As bad as the Spanish complaint is for relying expressly on Mr. Sands's discredited book for facts, it is far worse for the principle it is trying to establish -- that a foreign court should punish former U.S. officials criminally if the judge thinks their official advice to the U.S. president violated international law. Whatever advice any of us offered the president on these debatable issues, it would be an unprecedented outrage to make our participation in government policy making a subject for second-guessing in a foreign criminal court.
From the Nuremburg trials of the Nazi leadership forward, none of the cases in which former government officials have been tried for international crimes are actually precedents for what the Spanish officials are now considering. In countries run by officials who rule by force, commit aggression, perpetrate humanitarian outrages and stand above and out of reach of any domestic law, leaders are sometimes tried by international tribunals. Such countries' sovereignty is not respected because their own domestic laws -- let alone their international legal obligations -- do not bind their leaders.
But ours is a country of laws, and no reasonable person doubts that the American legal system has integrity. If President Barack Obama and the prosecutors see a crime to be prosecuted, they can act. It would be hostile for a foreign official to decide that U.S. sovereignty on this matter should not be respected because the U.S. is like Nazi Germany or Serbia under Slobodan Milosevic.
What if a Spanish magistrate doesn't like the legal analyses prepared by U.S. officials on other subjects, such as nuclear weapons, or the death penalty, or atmospheric pollution, or border security with Mexico? Any of these matters could be the basis for a claim by a creative European jurist that a U.S. official is taking a position contrary to international law as interpreted by right-thinking Europeans.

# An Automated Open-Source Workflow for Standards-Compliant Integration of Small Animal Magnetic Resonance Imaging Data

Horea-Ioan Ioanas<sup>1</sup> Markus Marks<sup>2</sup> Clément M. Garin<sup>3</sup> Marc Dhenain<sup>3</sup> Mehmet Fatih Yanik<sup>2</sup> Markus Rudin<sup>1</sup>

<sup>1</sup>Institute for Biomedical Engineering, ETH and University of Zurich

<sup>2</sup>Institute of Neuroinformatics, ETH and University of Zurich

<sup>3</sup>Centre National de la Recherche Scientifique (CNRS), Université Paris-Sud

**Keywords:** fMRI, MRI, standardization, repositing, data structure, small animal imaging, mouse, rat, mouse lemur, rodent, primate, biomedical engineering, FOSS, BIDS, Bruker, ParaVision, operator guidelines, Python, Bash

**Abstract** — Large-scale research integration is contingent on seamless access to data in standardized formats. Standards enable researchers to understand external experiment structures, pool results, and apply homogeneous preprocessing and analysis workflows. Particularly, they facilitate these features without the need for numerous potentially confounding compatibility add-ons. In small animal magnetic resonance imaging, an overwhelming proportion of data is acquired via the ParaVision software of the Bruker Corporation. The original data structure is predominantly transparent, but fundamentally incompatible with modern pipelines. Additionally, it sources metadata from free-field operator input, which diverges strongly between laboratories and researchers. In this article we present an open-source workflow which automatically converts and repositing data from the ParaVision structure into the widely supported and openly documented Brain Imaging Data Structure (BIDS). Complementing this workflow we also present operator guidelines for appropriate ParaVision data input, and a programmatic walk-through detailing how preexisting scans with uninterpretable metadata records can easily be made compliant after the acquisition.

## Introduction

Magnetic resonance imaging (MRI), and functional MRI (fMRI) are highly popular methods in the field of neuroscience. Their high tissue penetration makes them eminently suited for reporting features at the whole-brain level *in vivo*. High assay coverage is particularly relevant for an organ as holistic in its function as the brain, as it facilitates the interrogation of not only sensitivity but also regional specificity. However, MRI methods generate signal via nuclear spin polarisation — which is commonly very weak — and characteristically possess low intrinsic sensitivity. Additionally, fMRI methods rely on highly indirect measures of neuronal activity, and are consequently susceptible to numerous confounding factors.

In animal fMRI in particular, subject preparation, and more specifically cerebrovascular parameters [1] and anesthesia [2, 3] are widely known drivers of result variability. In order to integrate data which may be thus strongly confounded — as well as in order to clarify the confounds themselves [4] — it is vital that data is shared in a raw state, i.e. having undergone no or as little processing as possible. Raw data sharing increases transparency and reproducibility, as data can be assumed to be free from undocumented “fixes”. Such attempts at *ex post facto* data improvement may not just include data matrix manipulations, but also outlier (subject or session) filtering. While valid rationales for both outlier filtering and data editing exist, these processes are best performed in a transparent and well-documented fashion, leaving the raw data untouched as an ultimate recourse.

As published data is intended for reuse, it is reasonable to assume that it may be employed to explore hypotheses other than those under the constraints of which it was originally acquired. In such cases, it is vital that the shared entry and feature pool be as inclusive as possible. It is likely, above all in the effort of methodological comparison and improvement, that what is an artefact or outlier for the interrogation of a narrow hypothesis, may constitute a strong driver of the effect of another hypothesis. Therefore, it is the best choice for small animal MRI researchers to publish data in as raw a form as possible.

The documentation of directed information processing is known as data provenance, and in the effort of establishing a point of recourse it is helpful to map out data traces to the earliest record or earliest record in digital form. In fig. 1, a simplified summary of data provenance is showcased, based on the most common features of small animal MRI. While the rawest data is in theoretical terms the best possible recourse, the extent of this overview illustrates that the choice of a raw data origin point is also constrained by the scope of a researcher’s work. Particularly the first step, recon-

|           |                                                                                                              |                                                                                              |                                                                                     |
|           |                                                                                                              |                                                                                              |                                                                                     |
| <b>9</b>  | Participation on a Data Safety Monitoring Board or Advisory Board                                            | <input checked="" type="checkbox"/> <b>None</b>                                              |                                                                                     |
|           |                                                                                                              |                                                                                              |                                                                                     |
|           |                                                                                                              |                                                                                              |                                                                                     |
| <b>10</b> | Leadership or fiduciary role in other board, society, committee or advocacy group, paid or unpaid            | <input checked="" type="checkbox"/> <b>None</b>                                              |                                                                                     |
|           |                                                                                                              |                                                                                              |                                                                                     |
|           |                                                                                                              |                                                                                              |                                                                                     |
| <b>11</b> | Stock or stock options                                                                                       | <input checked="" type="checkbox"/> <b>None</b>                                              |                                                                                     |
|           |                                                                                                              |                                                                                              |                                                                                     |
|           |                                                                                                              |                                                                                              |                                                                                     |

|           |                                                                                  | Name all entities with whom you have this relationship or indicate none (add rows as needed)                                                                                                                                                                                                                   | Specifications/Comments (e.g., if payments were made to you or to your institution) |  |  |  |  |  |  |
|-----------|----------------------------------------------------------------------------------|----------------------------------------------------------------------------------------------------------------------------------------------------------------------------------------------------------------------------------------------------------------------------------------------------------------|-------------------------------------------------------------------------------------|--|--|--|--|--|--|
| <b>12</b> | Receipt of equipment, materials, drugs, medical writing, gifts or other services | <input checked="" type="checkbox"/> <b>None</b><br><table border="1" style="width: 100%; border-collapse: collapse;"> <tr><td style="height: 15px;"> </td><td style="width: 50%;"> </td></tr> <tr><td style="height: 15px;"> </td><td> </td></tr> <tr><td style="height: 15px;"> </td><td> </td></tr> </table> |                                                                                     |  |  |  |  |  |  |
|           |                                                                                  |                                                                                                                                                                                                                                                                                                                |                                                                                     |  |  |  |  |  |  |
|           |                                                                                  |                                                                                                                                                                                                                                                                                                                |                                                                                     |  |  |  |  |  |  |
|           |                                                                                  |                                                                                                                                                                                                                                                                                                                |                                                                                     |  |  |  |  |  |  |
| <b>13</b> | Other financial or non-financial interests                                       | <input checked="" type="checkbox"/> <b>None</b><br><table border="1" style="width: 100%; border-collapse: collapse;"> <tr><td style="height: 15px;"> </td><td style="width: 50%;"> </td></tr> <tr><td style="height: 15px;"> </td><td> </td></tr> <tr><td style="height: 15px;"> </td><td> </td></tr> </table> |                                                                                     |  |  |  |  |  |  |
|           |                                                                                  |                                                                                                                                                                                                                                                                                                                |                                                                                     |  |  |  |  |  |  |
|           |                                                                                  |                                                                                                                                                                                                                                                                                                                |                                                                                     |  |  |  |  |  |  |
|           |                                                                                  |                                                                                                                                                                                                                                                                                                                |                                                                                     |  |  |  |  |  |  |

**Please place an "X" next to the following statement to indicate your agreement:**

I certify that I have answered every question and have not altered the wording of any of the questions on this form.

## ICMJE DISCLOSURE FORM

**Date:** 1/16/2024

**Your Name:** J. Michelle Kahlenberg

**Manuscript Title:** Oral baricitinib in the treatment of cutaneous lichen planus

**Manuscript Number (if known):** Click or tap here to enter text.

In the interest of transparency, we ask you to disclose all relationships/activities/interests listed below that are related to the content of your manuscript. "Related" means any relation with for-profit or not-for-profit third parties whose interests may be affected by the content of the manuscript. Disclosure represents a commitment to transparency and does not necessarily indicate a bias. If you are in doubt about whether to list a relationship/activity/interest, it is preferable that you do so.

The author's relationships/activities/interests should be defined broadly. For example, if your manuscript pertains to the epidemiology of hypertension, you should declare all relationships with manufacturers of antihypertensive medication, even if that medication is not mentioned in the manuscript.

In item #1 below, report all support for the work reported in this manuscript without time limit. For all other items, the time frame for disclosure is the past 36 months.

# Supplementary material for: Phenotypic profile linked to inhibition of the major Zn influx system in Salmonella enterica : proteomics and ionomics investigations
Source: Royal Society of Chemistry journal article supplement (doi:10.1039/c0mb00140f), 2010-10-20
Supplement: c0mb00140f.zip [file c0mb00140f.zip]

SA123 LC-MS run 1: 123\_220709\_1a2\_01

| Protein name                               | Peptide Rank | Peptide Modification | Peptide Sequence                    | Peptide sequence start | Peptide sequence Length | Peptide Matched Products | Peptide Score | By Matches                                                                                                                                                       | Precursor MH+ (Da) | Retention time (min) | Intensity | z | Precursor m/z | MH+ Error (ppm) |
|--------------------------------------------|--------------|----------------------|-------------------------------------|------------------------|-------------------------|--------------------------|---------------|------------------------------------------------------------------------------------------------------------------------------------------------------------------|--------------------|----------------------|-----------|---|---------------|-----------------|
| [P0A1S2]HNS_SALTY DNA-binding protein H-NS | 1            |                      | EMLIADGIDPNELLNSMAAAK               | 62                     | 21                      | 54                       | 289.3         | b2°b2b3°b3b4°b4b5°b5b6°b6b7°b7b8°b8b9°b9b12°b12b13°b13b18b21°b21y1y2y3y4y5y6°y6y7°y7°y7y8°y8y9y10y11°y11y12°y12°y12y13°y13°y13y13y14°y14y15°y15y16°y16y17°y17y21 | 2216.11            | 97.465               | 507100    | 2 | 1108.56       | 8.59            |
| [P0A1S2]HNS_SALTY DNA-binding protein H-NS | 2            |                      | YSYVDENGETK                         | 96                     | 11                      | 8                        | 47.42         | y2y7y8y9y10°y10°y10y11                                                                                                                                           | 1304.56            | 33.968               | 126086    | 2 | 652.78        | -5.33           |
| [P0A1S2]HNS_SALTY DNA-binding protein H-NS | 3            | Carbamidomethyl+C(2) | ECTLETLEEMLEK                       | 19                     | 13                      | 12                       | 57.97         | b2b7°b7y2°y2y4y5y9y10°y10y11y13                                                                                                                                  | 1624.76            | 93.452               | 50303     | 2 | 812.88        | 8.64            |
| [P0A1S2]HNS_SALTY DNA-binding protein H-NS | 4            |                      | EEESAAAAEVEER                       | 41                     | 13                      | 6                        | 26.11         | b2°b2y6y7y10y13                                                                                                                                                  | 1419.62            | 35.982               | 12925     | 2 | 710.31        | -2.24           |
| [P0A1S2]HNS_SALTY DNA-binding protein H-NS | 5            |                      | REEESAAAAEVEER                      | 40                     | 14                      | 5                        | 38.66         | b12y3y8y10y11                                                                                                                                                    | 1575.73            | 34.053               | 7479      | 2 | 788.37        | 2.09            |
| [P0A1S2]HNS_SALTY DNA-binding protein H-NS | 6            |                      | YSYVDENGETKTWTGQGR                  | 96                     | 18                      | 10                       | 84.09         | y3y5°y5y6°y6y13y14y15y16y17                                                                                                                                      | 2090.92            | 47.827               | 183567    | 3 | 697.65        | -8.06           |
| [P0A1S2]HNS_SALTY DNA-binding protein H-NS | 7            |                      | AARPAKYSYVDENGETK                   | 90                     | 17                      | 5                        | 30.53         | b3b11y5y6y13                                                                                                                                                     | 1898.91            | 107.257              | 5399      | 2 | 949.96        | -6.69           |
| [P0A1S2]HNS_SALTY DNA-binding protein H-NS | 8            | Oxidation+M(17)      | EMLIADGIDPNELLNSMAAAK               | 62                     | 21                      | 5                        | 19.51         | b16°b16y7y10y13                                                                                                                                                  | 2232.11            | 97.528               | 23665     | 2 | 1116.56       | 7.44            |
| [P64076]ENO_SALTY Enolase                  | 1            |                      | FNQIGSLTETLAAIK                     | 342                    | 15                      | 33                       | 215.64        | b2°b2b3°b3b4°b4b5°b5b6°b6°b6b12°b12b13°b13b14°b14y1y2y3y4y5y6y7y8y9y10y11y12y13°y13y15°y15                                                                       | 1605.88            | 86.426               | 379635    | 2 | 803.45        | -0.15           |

It seems clear that the goal of this judicial exercise is to carry a political disagreement into criminal courts and thereby to intimidate U.S. officials. If Spanish officials decide to carry the prosecution forward, then Americans who know that their views run contrary to those of various Spanish or other European activists would have to think twice about voicing those views -- or stay out of U.S. government service altogether -- if they want to avoid being threatened with arrest in Europe.
The American people can tolerate this only if they are willing to forfeit the right to make their own laws and policies. This is not a left-versus-right political issue. It is a question of preserving the American constitutional system of government in which U.S. officials are answerable for their opinions and advice to the American people -- but not to foreign criminal courts.
Douglas Feith, Under Secretary of Defense for Policy from 2001 to 2005, is a Senior Fellow at Hudson Institute and the author of War and Decision: Inside the Pentagon at the Dawn of the War on Terrorism.